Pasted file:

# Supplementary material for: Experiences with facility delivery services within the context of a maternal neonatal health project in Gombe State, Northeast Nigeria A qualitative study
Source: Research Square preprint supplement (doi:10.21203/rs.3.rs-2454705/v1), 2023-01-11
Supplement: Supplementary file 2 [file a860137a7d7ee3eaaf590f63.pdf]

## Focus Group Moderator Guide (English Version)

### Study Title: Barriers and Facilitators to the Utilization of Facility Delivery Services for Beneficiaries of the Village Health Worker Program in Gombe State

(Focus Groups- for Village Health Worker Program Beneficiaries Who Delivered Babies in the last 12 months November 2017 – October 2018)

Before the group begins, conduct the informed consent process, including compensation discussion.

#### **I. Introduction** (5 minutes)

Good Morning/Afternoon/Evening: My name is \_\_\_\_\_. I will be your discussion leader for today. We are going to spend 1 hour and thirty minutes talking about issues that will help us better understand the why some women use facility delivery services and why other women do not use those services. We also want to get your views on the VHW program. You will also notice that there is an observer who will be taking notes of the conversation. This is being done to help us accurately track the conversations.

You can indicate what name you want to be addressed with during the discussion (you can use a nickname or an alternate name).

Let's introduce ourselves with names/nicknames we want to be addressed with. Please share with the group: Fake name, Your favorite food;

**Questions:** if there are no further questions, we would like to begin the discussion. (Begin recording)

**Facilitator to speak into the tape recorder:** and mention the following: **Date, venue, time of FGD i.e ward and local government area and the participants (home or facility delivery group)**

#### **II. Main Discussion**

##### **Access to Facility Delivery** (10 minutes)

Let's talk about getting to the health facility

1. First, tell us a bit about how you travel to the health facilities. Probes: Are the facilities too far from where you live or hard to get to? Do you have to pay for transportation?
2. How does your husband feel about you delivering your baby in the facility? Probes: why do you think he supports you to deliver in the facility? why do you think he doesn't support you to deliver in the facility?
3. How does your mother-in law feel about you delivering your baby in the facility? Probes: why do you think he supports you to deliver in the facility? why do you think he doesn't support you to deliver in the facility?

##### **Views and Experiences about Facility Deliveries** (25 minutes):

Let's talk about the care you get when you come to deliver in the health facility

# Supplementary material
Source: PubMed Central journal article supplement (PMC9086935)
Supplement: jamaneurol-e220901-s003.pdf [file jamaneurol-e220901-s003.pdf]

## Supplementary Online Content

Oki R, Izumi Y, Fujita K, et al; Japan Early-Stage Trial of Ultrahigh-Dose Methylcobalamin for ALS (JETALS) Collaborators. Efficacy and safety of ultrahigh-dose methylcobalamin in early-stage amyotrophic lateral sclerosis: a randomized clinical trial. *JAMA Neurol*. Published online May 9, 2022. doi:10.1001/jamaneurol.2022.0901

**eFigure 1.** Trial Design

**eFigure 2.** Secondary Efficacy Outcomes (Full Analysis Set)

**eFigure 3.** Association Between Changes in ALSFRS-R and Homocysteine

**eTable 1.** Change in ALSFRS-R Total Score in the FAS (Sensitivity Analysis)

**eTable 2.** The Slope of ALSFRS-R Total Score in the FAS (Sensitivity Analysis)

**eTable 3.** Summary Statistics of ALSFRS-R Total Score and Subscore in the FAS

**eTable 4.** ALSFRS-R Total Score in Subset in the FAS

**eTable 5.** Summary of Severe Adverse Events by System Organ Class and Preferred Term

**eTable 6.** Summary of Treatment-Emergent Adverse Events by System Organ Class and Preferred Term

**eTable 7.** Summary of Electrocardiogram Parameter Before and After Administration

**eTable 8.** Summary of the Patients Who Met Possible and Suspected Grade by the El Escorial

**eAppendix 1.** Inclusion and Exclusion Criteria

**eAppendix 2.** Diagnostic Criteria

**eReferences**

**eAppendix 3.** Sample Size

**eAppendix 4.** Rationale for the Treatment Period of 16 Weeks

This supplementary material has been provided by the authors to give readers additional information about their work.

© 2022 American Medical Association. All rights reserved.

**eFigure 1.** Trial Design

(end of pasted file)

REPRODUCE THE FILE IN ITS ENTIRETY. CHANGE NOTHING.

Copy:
# Supplementary material for: Experiences with facility delivery services within the context of a maternal neonatal health project in Gombe State, Northeast Nigeria A qualitative study
Source: Research Square preprint supplement (doi:10.21203/rs.3.rs-2454705/v1), 2023-01-11
Supplement: Supplementary file 2 [file a860137a7d7ee3eaaf590f63.pdf]

## Focus Group Moderator Guide (English Version)

### Study Title: Barriers and Facilitators to the Utilization of Facility Delivery Services for Beneficiaries of the Village Health Worker Program in Gombe State

(Focus Groups- for Village Health Worker Program Beneficiaries Who Delivered Babies in the last 12 months November 2017 – October 2018)

Before the group begins, conduct the informed consent process, including compensation discussion.

#### **I. Introduction** (5 minutes)

Good Morning/Afternoon/Evening: My name is \_\_\_\_\_. I will be your discussion leader for today. We are going to spend 1 hour and thirty minutes talking about issues that will help us better understand the why some women use facility delivery services and why other women do not use those services. We also want to get your views on the VHW program. You will also notice that there is an observer who will be taking notes of the conversation. This is being done to help us accurately track the conversations.

You can indicate what name you want to be addressed with during the discussion (you can use a nickname or an alternate name).

Let's introduce ourselves with names/nicknames we want to be addressed with. Please share with the group: Fake name, Your favorite food;

**Questions:** if there are no further questions, we would like to begin the discussion. (Begin recording)

**Facilitator to speak into the tape recorder:** and mention the following: **Date, venue, time of FGD i.e ward and local government area and the participants (home or facility delivery group)**

#### **II. Main Discussion**

##### **Access to Facility Delivery** (10 minutes)

Let's talk about getting to the health facility

1. First, tell us a bit about how you travel to the health facilities. Probes: Are the facilities too far from where you live or hard to get to? Do you have to pay for transportation?
2. How does your husband feel about you delivering your baby in the facility? Probes: why do you think he supports you to deliver in the facility? why do you think he doesn't support you to deliver in the facility?
3. How does your mother-in law feel about you delivering your baby in the facility? Probes: why do you think he supports you to deliver in the facility? why do you think he doesn't support you to deliver in the facility?

##### **Views and Experiences about Facility Deliveries** (25 minutes):

Let's talk about the care you get when you come to deliver in the health facility

# Supplementary material
Source: PubMed Central journal article supplement (PMC9086935)
Supplement: jamaneurol-e220901-s003.pdf [file jamaneurol-e220901-s003.pdf]

## Supplementary Online Content

Oki R, Izumi Y, Fujita K, et al; Japan Early-Stage Trial of Ultrahigh-Dose Methylcobalamin for ALS (JETALS) Collaborators. Efficacy and safety of ultrahigh-dose methylcobalamin in early-stage amyotrophic lateral sclerosis: a randomized clinical trial. *JAMA Neurol*. Published online May 9, 2022. doi:10.1001/jamaneurol.2022.0901

**eFigure 1.** Trial Design

**eFigure 2.** Secondary Efficacy Outcomes (Full Analysis Set)

**eFigure 3.** Association Between Changes in ALSFRS-R and Homocysteine

**eTable 1.** Change in ALSFRS-R Total Score in the FAS (Sensitivity Analysis)

**eTable 2.** The Slope of ALSFRS-R Total Score in the FAS (Sensitivity Analysis)

**eTable 3.** Summary Statistics of ALSFRS-R Total Score and Subscore in the FAS

**eTable 4.** ALSFRS-R Total Score in Subset in the FAS

**eTable 5.** Summary of Severe Adverse Events by System Organ Class and Preferred Term

**eTable 6.** Summary of Treatment-Emergent Adverse Events by System Organ Class and Preferred Term

**eTable 7.** Summary of Electrocardiogram Parameter Before and After Administration

**eTable 8.** Summary of the Patients Who Met Possible and Suspected Grade by the El Escorial

**eAppendix 1.** Inclusion and Exclusion Criteria

**eAppendix 2.** Diagnostic Criteria

**eReferences**

**eAppendix 3.** Sample Size

**eAppendix 4.** Rationale for the Treatment Period of 16 Weeks

This supplementary material has been provided by the authors to give readers additional information about their work.

© 2022 American Medical Association. All rights reserved.

**eFigure 1.** Trial Design